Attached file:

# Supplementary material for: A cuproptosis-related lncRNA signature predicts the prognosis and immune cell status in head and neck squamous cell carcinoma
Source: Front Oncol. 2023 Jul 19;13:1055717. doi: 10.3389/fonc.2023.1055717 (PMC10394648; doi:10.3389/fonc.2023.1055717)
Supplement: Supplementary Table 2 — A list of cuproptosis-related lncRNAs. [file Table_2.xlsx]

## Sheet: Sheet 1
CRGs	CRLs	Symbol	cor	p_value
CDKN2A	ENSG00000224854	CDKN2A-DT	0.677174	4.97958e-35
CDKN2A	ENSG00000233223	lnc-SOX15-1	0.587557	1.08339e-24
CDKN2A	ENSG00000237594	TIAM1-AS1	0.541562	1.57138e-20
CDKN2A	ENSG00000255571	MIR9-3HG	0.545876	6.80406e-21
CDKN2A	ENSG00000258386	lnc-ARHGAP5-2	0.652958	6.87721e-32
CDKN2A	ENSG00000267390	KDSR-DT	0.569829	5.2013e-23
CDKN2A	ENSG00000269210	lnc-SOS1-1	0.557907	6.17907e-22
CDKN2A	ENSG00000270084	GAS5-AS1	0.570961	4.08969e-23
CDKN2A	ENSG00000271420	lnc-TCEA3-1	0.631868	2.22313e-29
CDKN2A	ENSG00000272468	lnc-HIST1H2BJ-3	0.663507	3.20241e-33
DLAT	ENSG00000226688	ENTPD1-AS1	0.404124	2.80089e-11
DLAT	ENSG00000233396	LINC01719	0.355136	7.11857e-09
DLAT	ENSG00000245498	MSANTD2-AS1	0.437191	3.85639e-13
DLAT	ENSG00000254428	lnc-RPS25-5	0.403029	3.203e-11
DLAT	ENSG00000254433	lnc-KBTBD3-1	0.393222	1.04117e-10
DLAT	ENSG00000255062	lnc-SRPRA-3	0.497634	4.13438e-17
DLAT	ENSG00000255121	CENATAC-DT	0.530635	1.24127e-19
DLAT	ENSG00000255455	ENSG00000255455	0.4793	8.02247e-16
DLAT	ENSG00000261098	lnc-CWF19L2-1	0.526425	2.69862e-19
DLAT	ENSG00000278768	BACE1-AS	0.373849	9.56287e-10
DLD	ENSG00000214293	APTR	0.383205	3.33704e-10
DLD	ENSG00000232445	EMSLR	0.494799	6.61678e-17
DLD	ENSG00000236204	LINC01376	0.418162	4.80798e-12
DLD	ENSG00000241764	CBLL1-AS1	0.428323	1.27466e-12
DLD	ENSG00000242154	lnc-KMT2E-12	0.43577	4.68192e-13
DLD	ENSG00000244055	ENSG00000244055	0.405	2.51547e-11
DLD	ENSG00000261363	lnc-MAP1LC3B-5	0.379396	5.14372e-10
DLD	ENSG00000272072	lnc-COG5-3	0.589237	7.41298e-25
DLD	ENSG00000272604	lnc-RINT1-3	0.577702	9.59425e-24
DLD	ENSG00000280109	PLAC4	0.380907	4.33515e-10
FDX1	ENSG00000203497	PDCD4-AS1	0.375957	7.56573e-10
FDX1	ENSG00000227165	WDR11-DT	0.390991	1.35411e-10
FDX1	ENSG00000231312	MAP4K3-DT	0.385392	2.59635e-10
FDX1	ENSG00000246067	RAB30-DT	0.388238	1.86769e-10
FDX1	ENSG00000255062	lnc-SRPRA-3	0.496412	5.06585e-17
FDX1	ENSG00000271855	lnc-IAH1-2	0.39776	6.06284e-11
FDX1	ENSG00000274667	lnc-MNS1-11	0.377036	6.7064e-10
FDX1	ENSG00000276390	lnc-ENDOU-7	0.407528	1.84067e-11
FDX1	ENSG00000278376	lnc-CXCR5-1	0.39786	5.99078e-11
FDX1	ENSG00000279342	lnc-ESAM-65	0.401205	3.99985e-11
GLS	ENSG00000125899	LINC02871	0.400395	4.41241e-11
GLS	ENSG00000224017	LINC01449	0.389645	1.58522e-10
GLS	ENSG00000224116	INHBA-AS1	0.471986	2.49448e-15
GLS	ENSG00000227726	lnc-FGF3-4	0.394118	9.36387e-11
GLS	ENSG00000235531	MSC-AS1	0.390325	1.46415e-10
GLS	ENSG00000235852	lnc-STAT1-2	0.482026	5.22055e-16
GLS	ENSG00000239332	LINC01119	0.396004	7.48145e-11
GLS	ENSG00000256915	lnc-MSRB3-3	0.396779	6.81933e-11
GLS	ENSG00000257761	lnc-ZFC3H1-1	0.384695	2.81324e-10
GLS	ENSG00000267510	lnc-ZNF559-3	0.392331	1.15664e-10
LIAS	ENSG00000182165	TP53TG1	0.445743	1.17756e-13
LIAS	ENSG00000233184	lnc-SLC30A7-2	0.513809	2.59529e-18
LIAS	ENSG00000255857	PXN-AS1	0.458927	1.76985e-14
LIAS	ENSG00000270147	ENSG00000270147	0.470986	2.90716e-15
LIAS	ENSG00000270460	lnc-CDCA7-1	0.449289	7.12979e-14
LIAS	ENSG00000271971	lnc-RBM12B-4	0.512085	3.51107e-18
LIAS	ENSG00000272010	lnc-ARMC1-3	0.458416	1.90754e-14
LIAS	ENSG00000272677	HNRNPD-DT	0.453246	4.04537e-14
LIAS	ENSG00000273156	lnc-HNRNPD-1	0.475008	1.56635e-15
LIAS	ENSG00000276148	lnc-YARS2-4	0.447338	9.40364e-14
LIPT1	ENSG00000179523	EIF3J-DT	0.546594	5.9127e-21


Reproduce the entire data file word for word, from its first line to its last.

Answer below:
# Supplementary material for: A cuproptosis-related lncRNA signature predicts the prognosis and immune cell status in head and neck squamous cell carcinoma
Source: Front Oncol. 2023 Jul 19;13:1055717. doi: 10.3389/fonc.2023.1055717 (PMC10394648; doi:10.3389/fonc.2023.1055717)
Supplement: Supplementary Table 2 — A list of cuproptosis-related lncRNAs. [file Table_2.xlsx]

## Sheet: Sheet 1
CRGs	CRLs	Symbol	cor	p_value
CDKN2A	ENSG00000224854	CDKN2A-DT	0.677174	4.97958e-35
CDKN2A	ENSG00000233223	lnc-SOX15-1	0.587557	1.08339e-24
CDKN2A	ENSG00000237594	TIAM1-AS1	0.541562	1.57138e-20
CDKN2A	ENSG00000255571	MIR9-3HG	0.545876	6.80406e-21
CDKN2A	ENSG00000258386	lnc-ARHGAP5-2	0.652958	6.87721e-32
CDKN2A	ENSG00000267390	KDSR-DT	0.569829	5.2013e-23
CDKN2A	ENSG00000269210	lnc-SOS1-1	0.557907	6.17907e-22
CDKN2A	ENSG00000270084	GAS5-AS1	0.570961	4.08969e-23
CDKN2A	ENSG00000271420	lnc-TCEA3-1	0.631868	2.22313e-29
CDKN2A	ENSG00000272468	lnc-HIST1H2BJ-3	0.663507	3.20241e-33
DLAT	ENSG00000226688	ENTPD1-AS1	0.404124	2.80089e-11
DLAT	ENSG00000233396	LINC01719	0.355136	7.11857e-09
DLAT	ENSG00000245498	MSANTD2-AS1	0.437191	3.85639e-13
DLAT	ENSG00000254428	lnc-RPS25-5	0.403029	3.203e-11
DLAT	ENSG00000254433	lnc-KBTBD3-1	0.393222	1.04117e-10
DLAT	ENSG00000255062	lnc-SRPRA-3	0.497634	4.13438e-17
DLAT	ENSG00000255121	CENATAC-DT	0.530635	1.24127e-19
DLAT	ENSG00000255455	ENSG00000255455	0.4793	8.02247e-16
DLAT	ENSG00000261098	lnc-CWF19L2-1	0.526425	2.69862e-19
DLAT	ENSG00000278768	BACE1-AS	0.373849	9.56287e-10
DLD	ENSG00000214293	APTR	0.383205	3.33704e-10
DLD	ENSG00000232445	EMSLR	0.494799	6.61678e-17
DLD	ENSG00000236204	LINC01376	0.418162	4.80798e-12
DLD	ENSG00000241764	CBLL1-AS1	0.428323	1.27466e-12
DLD	ENSG00000242154	lnc-KMT2E-12	0.43577	4.68192e-13
DLD	ENSG00000244055	ENSG00000244055	0.405	2.51547e-11
DLD	ENSG00000261363	lnc-MAP1LC3B-5	0.379396	5.14372e-10
DLD	ENSG00000272072	lnc-COG5-3	0.589237	7.41298e-25
DLD	ENSG00000272604	lnc-RINT1-3	0.577702	9.59425e-24
DLD	ENSG00000280109	PLAC4	0.380907	4.33515e-10
FDX1	ENSG00000203497	PDCD4-AS1	0.375957	7.56573e-10
FDX1	ENSG00000227165	WDR11-DT	0.390991	1.35411e-10
FDX1	ENSG00000231312	MAP4K3-DT	0.385392	2.59635e-10
FDX1	ENSG00000246067	RAB30-DT	0.388238	1.86769e-10
FDX1	ENSG00000255062	lnc-SRPRA-3	0.496412	5.06585e-17
FDX1	ENSG00000271855	lnc-IAH1-2	0.39776	6.06284e-11
FDX1	ENSG00000274667	lnc-MNS1-11	0.377036	6.7064e-10
FDX1	ENSG00000276390	lnc-ENDOU-7	0.407528	1.84067e-11
FDX1	ENSG00000278376	lnc-CXCR5-1	0.39786	5.99078e-11
FDX1	ENSG00000279342	lnc-ESAM-65	0.401205	3.99985e-11
GLS	ENSG00000125899	LINC02871	0.400395	4.41241e-11
GLS	ENSG00000224017	LINC01449	0.389645	1.58522e-10
GLS	ENSG00000224116	INHBA-AS1	0.471986	2.49448e-15
GLS	ENSG00000227726	lnc-FGF3-4	0.394118	9.36387e-11
GLS	ENSG00000235531	MSC-AS1	0.390325	1.46415e-10
GLS	ENSG00000235852	lnc-STAT1-2	0.482026	5.22055e-16
GLS	ENSG00000239332	LINC01119	0.396004	7.48145e-11
GLS	ENSG00000256915	lnc-MSRB3-3	0.396779	6.81933e-11
GLS	ENSG00000257761	lnc-ZFC3H1-1	0.384695	2.81324e-10
GLS	ENSG00000267510	lnc-ZNF559-3	0.392331	1.15664e-10
LIAS	ENSG00000182165	TP53TG1	0.445743	1.17756e-13
LIAS	ENSG00000233184	lnc-SLC30A7-2	0.513809	2.59529e-18
LIAS	ENSG00000255857	PXN-AS1	0.458927	1.76985e-14
LIAS	ENSG00000270147	ENSG00000270147	0.470986	2.90716e-15
LIAS	ENSG00000270460	lnc-CDCA7-1	0.449289	7.12979e-14
LIAS	ENSG00000271971	lnc-RBM12B-4	0.512085	3.51107e-18
LIAS	ENSG00000272010	lnc-ARMC1-3	0.458416	1.90754e-14
LIAS	ENSG00000272677	HNRNPD-DT	0.453246	4.04537e-14
LIAS	ENSG00000273156	lnc-HNRNPD-1	0.475008	1.56635e-15
LIAS	ENSG00000276148	lnc-YARS2-4	0.447338	9.40364e-14
LIPT1	ENSG00000179523	EIF3J-DT	0.546594	5.9127e-21